Lawmakers are looking at ways to make the election process cheaper for voters, easier to see who is funding campaigns, and harder to run initiatives with financial consequences.
Holding fewer elections, paying the postage on mail-in ballots and new disclosure rules for pop-up political committees are among the ideas put forth thus far this session.
Here are five bills receiving attention from lawmakers that could mean big changes in coming election cycles.
Exposing dark money: Senate Bill 5153 takes aim at an emerging force in campaigns — political committees created and funded by nonprofit associations. Under existing rules, they can pretty much mask their identity and shield the source of their money because of their status.
This is a big topic nationally — think Koch Brothers — and it is showing up in this state. In 2013, a group called Working Washington dumped bunches of money into passing a minimum-wage measure in SeaTac. It took time to track the source of the money to a union-sponsored group. Also that year, the Grocery Manufacturers Association spent several million dollars to defeat a food-labeling initiative then tried unsuccessfully to keep its donors secret.
This bill creates a new class of political committee called incidental committees. These would file reports with the state Public Disclosure Commission if they spend at least $25,000 in a campaign for a statewide office or statewide ballot measure, or $5,000 in a local contest like a county council race. Only those who contribute $2,000 or more to a committee must be identified.
Enough with the advice: House Bill 1323 would eliminate statewide advisory votes that let voters weigh in whether they like or dislike revenue-generating bills passed by the Legislature. These nonbinding measures are the result of a provision in Initiative 960, which Mukilteo’s Tim Eyman sponsored and voters approved in 2007.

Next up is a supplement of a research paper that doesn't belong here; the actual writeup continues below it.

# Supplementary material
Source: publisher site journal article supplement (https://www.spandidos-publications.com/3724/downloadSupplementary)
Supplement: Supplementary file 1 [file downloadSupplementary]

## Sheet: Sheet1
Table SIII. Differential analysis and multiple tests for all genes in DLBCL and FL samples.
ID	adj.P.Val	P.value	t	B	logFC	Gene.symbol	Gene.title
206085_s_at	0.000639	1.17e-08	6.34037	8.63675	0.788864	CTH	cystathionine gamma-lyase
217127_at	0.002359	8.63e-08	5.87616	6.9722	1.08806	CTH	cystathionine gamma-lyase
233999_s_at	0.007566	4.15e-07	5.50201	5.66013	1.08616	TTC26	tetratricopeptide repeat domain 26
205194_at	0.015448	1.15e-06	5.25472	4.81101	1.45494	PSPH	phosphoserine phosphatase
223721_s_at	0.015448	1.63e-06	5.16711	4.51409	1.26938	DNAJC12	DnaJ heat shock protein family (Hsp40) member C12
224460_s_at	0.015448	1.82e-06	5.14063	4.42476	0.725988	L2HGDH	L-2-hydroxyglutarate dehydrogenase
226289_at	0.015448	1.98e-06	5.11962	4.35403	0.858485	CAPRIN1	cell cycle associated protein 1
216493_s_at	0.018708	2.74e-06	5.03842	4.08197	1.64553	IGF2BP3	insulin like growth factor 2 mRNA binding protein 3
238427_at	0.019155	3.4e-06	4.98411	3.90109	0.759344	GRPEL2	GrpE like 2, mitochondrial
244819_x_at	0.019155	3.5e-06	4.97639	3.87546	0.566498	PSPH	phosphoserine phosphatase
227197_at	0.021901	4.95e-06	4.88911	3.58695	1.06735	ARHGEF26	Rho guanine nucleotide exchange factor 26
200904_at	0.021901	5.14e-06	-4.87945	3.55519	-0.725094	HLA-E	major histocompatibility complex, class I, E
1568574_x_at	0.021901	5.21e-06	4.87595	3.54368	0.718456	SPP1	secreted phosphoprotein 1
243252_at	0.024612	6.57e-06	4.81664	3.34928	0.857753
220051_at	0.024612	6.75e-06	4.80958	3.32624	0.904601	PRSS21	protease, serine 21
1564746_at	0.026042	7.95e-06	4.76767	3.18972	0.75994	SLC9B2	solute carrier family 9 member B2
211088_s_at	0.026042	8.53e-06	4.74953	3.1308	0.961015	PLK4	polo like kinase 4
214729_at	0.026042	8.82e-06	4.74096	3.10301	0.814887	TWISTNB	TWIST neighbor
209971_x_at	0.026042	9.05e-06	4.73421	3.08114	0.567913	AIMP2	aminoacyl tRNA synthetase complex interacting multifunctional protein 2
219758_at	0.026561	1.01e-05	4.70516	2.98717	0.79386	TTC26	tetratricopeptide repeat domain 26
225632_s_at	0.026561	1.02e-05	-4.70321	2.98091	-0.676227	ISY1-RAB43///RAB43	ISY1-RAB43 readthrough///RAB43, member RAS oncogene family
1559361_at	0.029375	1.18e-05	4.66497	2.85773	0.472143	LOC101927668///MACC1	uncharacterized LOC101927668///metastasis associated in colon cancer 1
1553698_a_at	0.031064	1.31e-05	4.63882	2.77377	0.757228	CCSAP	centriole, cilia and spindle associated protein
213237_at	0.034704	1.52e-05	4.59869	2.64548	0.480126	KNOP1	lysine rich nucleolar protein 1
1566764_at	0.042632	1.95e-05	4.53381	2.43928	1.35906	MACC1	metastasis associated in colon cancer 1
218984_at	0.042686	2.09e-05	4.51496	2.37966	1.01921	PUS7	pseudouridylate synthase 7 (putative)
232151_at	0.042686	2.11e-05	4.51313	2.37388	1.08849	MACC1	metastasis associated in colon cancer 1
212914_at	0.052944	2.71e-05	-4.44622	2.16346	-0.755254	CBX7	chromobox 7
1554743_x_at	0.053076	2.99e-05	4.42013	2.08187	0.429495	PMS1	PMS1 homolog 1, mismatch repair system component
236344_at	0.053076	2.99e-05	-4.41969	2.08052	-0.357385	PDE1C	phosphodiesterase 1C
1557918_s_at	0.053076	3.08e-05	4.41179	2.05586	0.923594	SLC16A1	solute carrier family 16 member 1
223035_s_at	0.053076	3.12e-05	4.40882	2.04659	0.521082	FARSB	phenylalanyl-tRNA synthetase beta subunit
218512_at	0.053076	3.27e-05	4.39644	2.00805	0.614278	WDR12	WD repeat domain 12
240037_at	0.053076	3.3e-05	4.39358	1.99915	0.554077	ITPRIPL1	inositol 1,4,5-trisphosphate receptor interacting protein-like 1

It costs taxpayers to give their advice. The text of the bills and the votes of the lawmakers must appear in the voter pamphlets. In 2014, that information filled six pages and cost the state $87,761. In 2013, the tab was $164,444 for 10 pages of content.
Fewer elections: There would no longer be elections in February and April if House Bill 1379 becomes law. Instead, there would be only a primary in August and a general election in November with provisions for special elections to deal with recalls and unexpected vacancies.
Elections in February and April are typically when school districts and fire districts put funding measures on the ballot.
Picking up the tab: Some lawmakers worry the cost of a stamp — 49 cents for first class — is a barrier to voting. They’ve drawn up Senate Bill 5344 to require that return envelopes for primary and general election ballots include prepaid postage. Counties would pay and be reimbursed by the state. It might not be cheap.
“The Legislature finds that the postage, while only a small amount, amounts to the poll tax for many of our citizens,” reads the bill.
Hold that budget-busting initiative: There’s a bipartisan uprising to keep expensive initiatives off the ballot unless they include a means of paying for themselves. Thirty-eight senators — half of them Republican, half Democrat — are proposing a constitutional amendment to turn down initiatives that would knock the state budget out of balance because of cost.
Senate Joint Resolution 8201 must be approved by a two-thirds majority in each chamber and then it goes to the people for a simple majority vote.
Voters’ approval of Initiative 1351 in November is pushing lawmakers in this direction. That measure requires smaller classes at every grade level. It will cost an estimated $4 billion to carry out and lawmakers don’t know where they will get that kind of money. That’s why it’s likely that sometime this session lawmakers will act to amend or suspend the ballot measure.
Political reporter Jerry Cornfield’s blog, The Petri Dish, is at www.heraldnet.com. Contact him at 360-352-8623; firstname.lastname@example.org.